This is right up there with Final Fantasy I as a palette cleanser for me, except Final Fantasy IV has more characters that turn into beards upon death.

Screenshot via Square Enix

5: Final Fantasy V (1992)

Final Fantasy V didn’t invent the series’ iconic job system, but man did it define it. It’s so fun, so satisfying, and so customizable that it formed the backbone of the entire Bravely Default series. Heck, even the existence of the Four Job Fiesta proves how infinitely replayable Final Fantasy V is. While games like Bravely Default do expand upon the core gameplay here, Final Fantasy V is well worth playing for its unique combination of depth and accessibility.

Also, the main character’s Japanese name is Butz. If you say you don’t like Final Fantasy V, you’re saying you don’t like Butz.

Screenshot via Square Enix

4: Final Fantasy VII (1997)

Despite my diatribe on Final Fantasy XIV, I imagine this will be the most hotly contested ranking on this list. Final Fantasy VII single-handedly changed the JRPG genre, and whether that was good or bad is up to you. I can confidently say that, despite the oversaturation of Final Fantasy VII media, the original game is a classic. Its subversive story subtly manipulates your agency and results in incredible moments that culminate in gaming’s most famous spoiler. Also, Final Fantasy VII both appeals to genre newbies while providing customization to personalize each playthrough. Whether you love Final Fantasy VII or not, it’s easy to understand why this became the multimedia empire it is today.

Talking about the great music in a Final Fantasy game is kind of a “duh” point to make, but I do want to go on record that the main theme of Final Fantasy VII is an absolute contender for Uematsu’s best work. It’s such an emotive, complex piece that adds so much scale to the world and your journey in it. Many will say Final Fantasy VII is overhyped, but in the case of this track alone, I’d say it deserves all the credit it gets.

Screenshot via Square Enix

3: Final Fantasy IX (2000)

Final Fantasy IX is consistently called an homage to the SNES era. That said, it’s one of the most distinct worlds in the series’ history. The cast of Final Fantasy IX is vibrant, filled with so much personality from the earliest moments in the game. Conversely, the charming moments of levity in Final Fantasy IX make the dramatic beats of the plot hit so hard. If you meet someone that has played Final Fantasy IX and has no strong opinions about Vivi, you may actually be conversing with a creature from the underworld.

Final Fantasy IX was the last Final Fantasy Sakaguchi personally wrote, and it’s a perfect sendoff to his legacy. It’s the charm of his classic titles with the PlayStation era’s innovations, culminating in a classic that everyone should play.

Screenshot via Square Enix

2: Final Fantasy Tactics (1998)

I’d typically address the subversiveness of ranking a spinoff so highly, but rarely are spinoffs as phenomenal as Final Fantasy Tactics. The narrative is a masterclass drama that only Yasumi Matsuno can deliver. The class warfare and nuanced characters are so deep here that people still debate if Delita is a villain. That alone could cement Tactics’ place on this list, but remember that slam dunk job system from Final Fantasy V? Now throw that in a tactical combat system with even richer customization and you have an entertaining and replayable game that practically never gets old across several playthroughs.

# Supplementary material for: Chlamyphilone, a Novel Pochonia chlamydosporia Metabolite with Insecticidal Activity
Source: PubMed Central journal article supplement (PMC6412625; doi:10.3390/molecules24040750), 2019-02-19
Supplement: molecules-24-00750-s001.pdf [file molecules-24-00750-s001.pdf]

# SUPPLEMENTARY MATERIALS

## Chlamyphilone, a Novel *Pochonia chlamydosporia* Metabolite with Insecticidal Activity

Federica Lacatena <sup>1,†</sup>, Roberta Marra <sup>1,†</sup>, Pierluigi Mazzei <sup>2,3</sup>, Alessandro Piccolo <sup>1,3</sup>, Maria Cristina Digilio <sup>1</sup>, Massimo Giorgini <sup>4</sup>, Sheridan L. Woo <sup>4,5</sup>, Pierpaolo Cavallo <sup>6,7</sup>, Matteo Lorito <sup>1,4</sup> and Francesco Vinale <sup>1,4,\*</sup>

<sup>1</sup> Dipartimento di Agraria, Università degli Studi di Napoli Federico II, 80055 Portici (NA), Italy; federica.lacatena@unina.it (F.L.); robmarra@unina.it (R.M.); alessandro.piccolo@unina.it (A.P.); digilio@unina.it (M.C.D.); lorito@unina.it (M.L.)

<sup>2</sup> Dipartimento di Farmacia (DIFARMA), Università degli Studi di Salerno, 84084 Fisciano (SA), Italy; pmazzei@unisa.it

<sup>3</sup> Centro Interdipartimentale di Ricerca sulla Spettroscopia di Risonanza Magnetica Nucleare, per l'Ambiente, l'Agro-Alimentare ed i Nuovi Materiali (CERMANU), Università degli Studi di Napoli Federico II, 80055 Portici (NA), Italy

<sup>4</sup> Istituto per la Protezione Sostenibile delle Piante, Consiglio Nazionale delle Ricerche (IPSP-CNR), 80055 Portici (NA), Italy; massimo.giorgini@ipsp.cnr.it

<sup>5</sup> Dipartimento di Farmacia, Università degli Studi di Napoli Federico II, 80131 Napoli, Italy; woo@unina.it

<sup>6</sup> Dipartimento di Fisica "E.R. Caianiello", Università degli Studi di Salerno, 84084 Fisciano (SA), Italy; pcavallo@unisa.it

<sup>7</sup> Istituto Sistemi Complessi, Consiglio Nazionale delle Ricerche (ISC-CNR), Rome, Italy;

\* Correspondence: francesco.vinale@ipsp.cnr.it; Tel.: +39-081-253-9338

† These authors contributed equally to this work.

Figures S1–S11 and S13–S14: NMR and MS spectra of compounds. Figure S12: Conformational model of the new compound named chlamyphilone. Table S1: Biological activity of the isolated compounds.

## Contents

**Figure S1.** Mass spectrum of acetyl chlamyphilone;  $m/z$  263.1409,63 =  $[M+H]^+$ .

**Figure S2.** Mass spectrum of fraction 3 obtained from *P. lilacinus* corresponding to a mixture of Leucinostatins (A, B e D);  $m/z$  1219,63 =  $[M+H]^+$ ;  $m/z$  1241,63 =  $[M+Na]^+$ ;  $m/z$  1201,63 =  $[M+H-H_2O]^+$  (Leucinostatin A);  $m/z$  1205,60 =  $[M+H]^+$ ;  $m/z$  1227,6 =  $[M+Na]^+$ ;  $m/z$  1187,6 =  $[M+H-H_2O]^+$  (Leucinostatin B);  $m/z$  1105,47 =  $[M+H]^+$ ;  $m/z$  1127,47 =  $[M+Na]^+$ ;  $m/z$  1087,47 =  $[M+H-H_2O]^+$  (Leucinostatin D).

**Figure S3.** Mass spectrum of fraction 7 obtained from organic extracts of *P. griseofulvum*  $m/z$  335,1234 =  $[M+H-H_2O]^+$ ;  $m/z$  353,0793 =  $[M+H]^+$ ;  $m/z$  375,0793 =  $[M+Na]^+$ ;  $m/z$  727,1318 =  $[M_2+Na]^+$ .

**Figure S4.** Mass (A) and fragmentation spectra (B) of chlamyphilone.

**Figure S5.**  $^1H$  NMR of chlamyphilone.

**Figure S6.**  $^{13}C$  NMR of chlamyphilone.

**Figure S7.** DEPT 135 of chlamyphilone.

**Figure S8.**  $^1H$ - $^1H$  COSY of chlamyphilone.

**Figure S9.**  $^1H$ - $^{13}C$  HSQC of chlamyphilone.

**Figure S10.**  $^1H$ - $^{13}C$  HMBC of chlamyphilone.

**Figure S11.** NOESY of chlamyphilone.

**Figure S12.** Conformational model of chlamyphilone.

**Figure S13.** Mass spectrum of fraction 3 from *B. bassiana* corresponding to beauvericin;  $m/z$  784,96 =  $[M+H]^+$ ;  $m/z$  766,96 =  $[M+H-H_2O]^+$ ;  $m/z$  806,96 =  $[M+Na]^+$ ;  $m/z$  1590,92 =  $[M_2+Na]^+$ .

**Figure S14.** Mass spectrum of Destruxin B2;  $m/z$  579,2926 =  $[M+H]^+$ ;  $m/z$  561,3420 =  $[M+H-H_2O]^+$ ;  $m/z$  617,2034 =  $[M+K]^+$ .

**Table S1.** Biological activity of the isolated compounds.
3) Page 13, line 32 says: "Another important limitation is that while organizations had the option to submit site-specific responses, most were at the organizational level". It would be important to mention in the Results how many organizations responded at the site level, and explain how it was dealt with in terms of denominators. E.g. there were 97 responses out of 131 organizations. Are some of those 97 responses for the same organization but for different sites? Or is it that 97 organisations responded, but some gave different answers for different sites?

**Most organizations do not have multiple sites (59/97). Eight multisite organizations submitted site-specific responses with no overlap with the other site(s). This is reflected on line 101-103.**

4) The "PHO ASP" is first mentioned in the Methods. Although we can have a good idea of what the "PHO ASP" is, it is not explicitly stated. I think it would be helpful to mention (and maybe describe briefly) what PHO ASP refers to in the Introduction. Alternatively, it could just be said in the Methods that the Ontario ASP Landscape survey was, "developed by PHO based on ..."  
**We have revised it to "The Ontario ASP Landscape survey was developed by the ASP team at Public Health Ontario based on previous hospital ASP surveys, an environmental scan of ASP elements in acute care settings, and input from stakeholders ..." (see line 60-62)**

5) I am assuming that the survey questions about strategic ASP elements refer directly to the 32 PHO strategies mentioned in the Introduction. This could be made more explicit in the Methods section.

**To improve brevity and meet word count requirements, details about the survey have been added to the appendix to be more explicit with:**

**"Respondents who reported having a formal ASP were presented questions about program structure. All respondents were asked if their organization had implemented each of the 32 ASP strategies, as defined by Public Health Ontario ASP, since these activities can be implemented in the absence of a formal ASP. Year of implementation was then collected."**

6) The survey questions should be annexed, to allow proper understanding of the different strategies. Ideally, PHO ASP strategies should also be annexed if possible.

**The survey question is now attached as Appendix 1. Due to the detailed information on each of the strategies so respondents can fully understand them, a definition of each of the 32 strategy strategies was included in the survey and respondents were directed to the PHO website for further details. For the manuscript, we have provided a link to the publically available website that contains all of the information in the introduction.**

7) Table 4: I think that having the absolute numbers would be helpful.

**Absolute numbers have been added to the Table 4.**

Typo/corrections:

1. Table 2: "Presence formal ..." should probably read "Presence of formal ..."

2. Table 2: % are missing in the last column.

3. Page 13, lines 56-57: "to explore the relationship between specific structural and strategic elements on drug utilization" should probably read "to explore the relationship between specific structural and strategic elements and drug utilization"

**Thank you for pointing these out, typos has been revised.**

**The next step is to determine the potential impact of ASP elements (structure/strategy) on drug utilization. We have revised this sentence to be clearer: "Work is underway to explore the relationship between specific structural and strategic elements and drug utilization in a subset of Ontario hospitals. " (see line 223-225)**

The subsequent Final Fantasy Tactics games have their own charm, and I won’t deny that they’re quality titles as well. Yet there is no question in my mind that the original Final Fantasy Tactics belongs alongside the series’ greatest entries.

Screenshot via Square Enix

1: Final Fantasy VI (1994)

I want to discuss a moment in Final Fantasy VI that continues to stick with me. After a famous twist in the midgame, the game focuses on Celes stuck on an island. Though she’s had ample screen time, Celes hasn’t been framed as a main character until now. Your objective is to catch fish and save your last friend in the world.

Played blind, most will fail this task. This triggers a heart-wrenching scene where Celes decides life is no longer worth living. Watching Celes endure this is painful since her past sins already weigh on her. Meanwhile, you are sharing this experience of failure with her. There’s a palpable feeling that you’ve done something irredeemable, tempting you to hit the reset button.

Except this doesn’t trigger a bad ending. Celes survives and gains a glimmer of hope that her friends still live, and she chooses to persevere until she finds them. Final Fantasy often iterates on hope in hopeless circumstances. Yet Final Fantasy VI drives this theme home by giving this hope to a character that resonates with feeling worthless amid utter despair. Contrary to what you or Celes felt in that darkness, that spark is all it takes to change the world. Everyone is important. No matter how small our role, we are valuable and deserving of love.

Final Fantasy VI is a reminder that these games excelled by striking the core of our humanity. They told meaningful, unforgettable stories where even the smallest person could be a hero. Final Fantasy VI is a classic with incredible set pieces, unforgettable moments, and arguably gaming’s greatest final boss theme. Also, there’s a funny octopus who tries to ruin an opera by dropping an anvil. An absolute masterpiece from start to finish.

Timothy Monbleau